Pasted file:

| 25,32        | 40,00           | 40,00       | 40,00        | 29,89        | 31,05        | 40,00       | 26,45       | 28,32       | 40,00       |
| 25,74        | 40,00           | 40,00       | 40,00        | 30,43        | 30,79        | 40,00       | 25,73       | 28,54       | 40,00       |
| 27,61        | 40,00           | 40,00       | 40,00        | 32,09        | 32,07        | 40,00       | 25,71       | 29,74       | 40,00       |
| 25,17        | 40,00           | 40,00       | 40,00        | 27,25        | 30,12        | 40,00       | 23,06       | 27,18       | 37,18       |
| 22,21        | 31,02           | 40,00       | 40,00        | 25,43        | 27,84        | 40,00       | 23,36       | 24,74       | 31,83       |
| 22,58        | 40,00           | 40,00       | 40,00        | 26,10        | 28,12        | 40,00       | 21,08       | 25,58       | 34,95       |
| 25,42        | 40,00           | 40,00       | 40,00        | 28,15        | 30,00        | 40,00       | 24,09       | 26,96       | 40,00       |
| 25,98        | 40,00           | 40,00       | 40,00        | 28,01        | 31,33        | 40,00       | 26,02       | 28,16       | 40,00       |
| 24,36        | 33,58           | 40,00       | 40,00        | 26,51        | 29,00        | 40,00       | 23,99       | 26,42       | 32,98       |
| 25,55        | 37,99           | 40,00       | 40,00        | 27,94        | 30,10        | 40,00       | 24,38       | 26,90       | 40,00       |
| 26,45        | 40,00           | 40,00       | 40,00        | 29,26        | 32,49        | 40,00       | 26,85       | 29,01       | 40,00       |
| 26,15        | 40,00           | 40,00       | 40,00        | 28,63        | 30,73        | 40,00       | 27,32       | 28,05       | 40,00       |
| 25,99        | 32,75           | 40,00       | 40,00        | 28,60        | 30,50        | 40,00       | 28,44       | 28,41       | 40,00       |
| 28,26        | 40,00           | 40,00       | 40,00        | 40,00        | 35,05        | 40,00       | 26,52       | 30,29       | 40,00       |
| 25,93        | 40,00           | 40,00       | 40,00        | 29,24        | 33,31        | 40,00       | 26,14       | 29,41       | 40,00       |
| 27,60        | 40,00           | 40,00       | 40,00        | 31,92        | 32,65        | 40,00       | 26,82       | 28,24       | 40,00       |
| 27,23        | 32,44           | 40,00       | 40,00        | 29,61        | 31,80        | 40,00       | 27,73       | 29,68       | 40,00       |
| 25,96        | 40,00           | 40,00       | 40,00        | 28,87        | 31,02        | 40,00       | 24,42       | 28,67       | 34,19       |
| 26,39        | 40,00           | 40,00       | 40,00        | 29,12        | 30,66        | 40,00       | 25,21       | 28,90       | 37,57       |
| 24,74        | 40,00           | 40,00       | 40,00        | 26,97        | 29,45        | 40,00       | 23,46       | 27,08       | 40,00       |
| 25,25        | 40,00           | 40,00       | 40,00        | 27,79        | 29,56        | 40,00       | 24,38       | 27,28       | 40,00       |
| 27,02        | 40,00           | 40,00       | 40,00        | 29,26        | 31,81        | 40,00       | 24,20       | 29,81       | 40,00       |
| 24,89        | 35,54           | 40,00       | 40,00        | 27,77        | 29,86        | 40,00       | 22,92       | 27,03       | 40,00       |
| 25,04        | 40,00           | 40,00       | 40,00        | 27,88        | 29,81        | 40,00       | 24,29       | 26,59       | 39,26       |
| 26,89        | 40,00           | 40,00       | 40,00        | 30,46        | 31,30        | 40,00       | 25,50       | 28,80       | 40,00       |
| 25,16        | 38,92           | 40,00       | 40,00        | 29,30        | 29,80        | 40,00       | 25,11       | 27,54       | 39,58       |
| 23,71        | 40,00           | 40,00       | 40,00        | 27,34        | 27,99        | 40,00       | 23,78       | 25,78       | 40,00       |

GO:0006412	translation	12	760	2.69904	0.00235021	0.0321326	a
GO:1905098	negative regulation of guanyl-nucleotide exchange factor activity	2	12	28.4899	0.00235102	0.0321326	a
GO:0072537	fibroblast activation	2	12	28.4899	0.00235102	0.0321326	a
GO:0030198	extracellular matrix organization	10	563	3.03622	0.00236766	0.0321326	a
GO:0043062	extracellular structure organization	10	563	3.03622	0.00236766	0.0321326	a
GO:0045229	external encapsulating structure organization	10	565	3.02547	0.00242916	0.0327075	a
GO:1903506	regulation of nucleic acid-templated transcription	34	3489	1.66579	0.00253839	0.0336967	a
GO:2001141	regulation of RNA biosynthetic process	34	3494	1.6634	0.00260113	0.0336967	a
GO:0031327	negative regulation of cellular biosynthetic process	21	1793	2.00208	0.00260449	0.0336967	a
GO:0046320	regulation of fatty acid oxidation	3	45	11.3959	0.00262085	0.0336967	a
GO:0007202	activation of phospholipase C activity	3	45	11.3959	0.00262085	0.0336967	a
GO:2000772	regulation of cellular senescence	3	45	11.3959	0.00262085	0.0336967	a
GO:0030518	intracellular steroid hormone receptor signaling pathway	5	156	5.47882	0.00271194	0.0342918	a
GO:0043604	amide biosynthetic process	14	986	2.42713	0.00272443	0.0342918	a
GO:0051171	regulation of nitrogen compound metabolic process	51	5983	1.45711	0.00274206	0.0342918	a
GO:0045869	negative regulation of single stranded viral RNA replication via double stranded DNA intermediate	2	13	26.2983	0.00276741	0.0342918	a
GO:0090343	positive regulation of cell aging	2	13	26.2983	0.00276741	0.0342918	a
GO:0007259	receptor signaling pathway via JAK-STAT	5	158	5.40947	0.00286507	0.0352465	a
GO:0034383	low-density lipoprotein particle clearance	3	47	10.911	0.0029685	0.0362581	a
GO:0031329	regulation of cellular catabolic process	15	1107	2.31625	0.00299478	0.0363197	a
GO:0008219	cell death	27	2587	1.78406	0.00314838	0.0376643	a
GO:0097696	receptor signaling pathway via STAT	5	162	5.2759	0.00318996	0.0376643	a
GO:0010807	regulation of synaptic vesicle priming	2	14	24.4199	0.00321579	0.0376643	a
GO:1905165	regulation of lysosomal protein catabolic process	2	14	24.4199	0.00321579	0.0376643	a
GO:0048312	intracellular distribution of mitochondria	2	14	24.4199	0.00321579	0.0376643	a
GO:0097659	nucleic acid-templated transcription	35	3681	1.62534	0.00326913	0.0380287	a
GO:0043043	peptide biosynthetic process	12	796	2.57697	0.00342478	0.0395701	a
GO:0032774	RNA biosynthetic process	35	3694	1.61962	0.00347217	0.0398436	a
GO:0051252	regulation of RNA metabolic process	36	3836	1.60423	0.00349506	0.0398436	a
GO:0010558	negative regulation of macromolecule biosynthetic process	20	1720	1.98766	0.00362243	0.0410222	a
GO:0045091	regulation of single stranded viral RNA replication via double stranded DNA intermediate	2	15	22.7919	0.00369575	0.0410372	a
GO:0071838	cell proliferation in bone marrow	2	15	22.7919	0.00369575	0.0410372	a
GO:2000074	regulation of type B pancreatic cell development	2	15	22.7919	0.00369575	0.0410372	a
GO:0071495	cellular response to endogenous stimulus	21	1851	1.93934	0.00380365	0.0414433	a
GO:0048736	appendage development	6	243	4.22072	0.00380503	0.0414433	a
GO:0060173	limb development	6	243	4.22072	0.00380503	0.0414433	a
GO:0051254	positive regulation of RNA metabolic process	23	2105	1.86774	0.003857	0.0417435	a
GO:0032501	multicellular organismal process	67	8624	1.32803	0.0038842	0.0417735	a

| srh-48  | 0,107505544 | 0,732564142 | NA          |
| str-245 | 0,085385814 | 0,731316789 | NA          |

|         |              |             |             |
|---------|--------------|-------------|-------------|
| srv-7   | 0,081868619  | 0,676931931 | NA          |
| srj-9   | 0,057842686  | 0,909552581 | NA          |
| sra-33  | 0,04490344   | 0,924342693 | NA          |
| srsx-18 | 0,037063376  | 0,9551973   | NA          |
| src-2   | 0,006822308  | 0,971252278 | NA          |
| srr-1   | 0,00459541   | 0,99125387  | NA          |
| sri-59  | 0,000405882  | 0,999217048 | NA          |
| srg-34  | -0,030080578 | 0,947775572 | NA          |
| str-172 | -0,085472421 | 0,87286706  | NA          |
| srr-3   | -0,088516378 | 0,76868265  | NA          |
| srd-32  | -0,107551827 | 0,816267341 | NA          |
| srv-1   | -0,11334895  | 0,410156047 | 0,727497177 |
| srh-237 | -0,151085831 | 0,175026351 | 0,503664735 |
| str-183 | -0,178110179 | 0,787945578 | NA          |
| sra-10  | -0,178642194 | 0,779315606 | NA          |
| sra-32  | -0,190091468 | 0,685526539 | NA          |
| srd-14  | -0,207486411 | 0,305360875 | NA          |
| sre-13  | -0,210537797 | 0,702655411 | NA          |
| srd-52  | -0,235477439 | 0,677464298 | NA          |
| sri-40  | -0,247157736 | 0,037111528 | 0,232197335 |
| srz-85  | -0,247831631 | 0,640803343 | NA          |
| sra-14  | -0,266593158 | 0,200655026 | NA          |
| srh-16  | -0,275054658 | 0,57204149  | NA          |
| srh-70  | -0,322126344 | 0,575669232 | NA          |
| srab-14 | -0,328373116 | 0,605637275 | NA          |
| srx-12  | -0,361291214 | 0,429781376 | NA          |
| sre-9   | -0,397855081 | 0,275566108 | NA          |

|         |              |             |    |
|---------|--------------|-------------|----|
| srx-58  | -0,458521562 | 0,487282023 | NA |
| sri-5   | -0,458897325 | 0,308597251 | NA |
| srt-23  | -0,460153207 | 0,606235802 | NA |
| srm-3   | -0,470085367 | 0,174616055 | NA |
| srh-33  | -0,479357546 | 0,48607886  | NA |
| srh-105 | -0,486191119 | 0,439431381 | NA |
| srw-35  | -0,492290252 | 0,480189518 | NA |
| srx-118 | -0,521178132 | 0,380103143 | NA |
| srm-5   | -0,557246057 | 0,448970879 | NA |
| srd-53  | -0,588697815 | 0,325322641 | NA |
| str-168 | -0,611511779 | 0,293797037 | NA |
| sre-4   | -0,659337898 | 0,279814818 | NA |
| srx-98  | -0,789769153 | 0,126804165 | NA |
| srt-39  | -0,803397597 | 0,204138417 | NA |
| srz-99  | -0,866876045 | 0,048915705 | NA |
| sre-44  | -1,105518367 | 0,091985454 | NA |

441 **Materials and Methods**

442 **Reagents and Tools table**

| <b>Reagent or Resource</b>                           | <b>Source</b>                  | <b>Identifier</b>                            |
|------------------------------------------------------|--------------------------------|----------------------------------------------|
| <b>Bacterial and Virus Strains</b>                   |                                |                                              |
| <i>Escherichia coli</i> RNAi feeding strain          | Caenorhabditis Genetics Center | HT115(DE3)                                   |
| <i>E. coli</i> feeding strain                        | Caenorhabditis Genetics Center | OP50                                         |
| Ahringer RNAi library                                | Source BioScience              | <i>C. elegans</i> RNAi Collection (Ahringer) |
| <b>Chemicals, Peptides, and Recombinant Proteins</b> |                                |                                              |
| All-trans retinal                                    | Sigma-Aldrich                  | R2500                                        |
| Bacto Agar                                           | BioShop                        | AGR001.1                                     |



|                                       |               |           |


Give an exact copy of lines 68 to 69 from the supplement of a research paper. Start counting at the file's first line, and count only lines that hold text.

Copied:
|         |              |             |             |
|---------|--------------|-------------|-------------|